May      11, 1940     200        "    "       250.00
May      13, 1940   2,000        "    "     7,779.03
May      14, 1940   1,000        "    "     3,889.52
                    _____                 __________
                    5,900                 $17,855.16

Sixteen hundred of the shares sold were identical certificates purchased during the period in question. The other shares were not. Plaintiff claims that the defendant Kaplan made a profit on the stock so purchased and sold during the period of $8,305.16.

It is conceded that all purchases and sales by the individual defendants, above listed, were made within the State of New York. And it is not claimed or contended that either of the individual defendants acted in bad faith, or that they or either of them unfairly used any information obtained by them with respect to any of the transactions.

If the section quoted does not apply to the sales and purchases set forth, there will be no need to determine its constitutionality. The first question, therefore, is directed to the application of the section.

It seems to me that a particular aid in this respect would be to see what wrongs, practices or transactions Congress sought to prohibit, regulate or remedy. In section 2 of the Act, Congress found that transactions in securities on exchanges, or in over-the-counter markets were affected with a national public interest, and that it was necessary to provide for their regulation and control, including transactions by officers, directors and principal security holders. It deemed this necessary, among others, to protect interstate commerce, the national credit and the federal taxing power, as well as to protect and make more effective the national banking and Federal Reserve systems. It sought to "insure the maintenance of fair and honest markets in such transactions." Among other important elements, it distinctly recognized that such transactions constituted an important part of the current of interstate commerce, involved in large part securities of issuers engaged in interstate commerce, affected the national credit, and that the prices established and offered in such transactions constituted a basis for determining prices at which securities are bought and sold. Congress sought, among other things, to control excessive speculation, sudden and unreasonable fluctuations in prices, with their evils of unreasonable expansion and contraction of credit, and the precipitation, intensification and prolongation of national emergencies of unemployment and dislocation of trade and industry. These are some of the matters sought to be comprehended within the four *763 corners of the Act. They have particular significance to the questions here involved.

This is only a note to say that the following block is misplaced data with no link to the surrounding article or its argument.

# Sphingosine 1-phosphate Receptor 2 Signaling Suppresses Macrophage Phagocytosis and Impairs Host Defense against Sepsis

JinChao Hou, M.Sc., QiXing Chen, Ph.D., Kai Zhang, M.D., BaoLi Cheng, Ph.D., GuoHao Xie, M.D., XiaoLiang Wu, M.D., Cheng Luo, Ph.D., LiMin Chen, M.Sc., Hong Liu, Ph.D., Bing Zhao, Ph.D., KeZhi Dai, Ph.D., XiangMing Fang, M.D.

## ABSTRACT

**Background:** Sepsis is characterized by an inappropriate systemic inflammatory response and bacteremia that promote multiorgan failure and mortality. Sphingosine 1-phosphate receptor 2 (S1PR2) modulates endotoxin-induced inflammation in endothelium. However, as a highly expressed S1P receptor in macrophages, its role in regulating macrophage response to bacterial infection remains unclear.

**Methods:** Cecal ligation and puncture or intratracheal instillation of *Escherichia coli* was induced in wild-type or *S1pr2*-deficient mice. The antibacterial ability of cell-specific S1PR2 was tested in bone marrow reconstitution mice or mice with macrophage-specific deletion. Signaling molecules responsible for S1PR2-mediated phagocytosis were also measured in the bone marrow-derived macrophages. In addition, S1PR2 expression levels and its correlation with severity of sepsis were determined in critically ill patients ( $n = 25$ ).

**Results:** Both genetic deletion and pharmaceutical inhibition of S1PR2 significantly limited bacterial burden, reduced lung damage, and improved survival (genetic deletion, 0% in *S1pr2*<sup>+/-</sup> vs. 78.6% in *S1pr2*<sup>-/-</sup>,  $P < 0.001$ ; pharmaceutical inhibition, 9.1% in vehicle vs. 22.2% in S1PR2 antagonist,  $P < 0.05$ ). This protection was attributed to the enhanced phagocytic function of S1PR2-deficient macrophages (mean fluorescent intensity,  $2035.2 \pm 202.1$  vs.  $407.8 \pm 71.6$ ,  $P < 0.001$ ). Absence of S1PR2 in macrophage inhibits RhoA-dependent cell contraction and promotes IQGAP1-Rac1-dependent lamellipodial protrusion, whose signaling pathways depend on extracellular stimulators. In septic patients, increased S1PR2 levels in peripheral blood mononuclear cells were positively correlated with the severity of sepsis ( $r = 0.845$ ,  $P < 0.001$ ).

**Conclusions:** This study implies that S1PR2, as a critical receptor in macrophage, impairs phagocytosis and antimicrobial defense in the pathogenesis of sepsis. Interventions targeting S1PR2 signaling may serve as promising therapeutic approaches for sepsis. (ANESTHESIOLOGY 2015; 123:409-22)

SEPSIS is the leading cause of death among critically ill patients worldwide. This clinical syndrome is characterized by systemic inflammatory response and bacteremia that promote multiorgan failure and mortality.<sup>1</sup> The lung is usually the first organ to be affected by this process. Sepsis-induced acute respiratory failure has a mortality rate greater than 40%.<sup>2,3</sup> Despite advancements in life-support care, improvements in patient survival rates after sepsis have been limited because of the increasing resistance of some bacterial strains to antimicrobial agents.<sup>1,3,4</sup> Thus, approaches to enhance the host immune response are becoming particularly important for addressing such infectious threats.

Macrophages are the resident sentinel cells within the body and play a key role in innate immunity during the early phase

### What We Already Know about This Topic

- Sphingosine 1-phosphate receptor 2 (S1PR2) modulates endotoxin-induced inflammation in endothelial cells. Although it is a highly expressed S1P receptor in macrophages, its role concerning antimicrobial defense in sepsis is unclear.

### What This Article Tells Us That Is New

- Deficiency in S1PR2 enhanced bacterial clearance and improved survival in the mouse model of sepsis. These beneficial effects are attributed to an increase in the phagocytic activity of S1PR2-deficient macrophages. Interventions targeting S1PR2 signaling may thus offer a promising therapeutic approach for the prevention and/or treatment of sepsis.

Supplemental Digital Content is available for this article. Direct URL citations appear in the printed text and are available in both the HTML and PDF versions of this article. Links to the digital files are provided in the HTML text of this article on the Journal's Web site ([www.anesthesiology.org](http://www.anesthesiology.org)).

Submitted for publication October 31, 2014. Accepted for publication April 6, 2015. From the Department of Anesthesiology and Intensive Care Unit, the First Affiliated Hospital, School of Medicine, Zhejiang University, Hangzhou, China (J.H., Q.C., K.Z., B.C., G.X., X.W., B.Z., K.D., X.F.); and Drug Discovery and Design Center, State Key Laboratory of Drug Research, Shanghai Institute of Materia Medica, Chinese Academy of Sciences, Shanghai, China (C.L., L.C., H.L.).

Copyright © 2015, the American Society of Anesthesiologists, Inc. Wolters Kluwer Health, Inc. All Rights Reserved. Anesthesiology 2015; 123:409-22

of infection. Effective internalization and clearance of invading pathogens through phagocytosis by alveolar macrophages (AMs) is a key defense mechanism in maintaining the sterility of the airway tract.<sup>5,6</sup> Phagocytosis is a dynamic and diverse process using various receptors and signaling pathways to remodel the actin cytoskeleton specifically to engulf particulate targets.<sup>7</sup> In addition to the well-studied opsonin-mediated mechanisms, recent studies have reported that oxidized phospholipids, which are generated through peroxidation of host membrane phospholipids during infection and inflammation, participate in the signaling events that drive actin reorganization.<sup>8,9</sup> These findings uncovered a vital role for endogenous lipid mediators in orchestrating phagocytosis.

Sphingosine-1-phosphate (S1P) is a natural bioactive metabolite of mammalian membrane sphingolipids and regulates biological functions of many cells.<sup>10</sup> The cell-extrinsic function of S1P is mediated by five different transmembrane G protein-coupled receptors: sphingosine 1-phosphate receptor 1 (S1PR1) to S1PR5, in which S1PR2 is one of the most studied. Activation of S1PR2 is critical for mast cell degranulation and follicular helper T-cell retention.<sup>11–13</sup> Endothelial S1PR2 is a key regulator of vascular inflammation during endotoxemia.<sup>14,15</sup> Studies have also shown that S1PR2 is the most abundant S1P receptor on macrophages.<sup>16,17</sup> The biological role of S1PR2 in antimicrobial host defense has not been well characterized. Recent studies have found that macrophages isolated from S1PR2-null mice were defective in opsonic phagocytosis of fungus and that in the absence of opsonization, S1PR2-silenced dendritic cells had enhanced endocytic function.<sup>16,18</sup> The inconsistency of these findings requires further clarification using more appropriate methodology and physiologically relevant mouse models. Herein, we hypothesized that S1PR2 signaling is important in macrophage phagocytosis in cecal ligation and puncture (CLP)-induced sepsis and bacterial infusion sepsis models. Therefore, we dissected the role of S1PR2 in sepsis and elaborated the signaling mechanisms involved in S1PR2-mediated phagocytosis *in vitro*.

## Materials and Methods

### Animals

These findings of Congress are presumptively sound, and are to be taken as true unless overthrown by contrary findings of greater weight based on facts of common knowledge, or on other facts judicially noticed, or on facts proved by the parties asserting the invalidity of the statute. There are certainly no facts within my knowledge, or which I may judicially notice, or which have been called to my attention, or proven, which would justify me in disregarding or questioning these findings. Securities & Exchange Commission v. Torr, D.C., 15 F. Supp. 315-320, reversed on other grounds, 2 Cir., 87 F.2d 446; West Coast Hotel Co. v. Parrish, 300 U.S. 379, 57 S. Ct. 578, 81 L. Ed. 703, 108 A.L.R. 1330.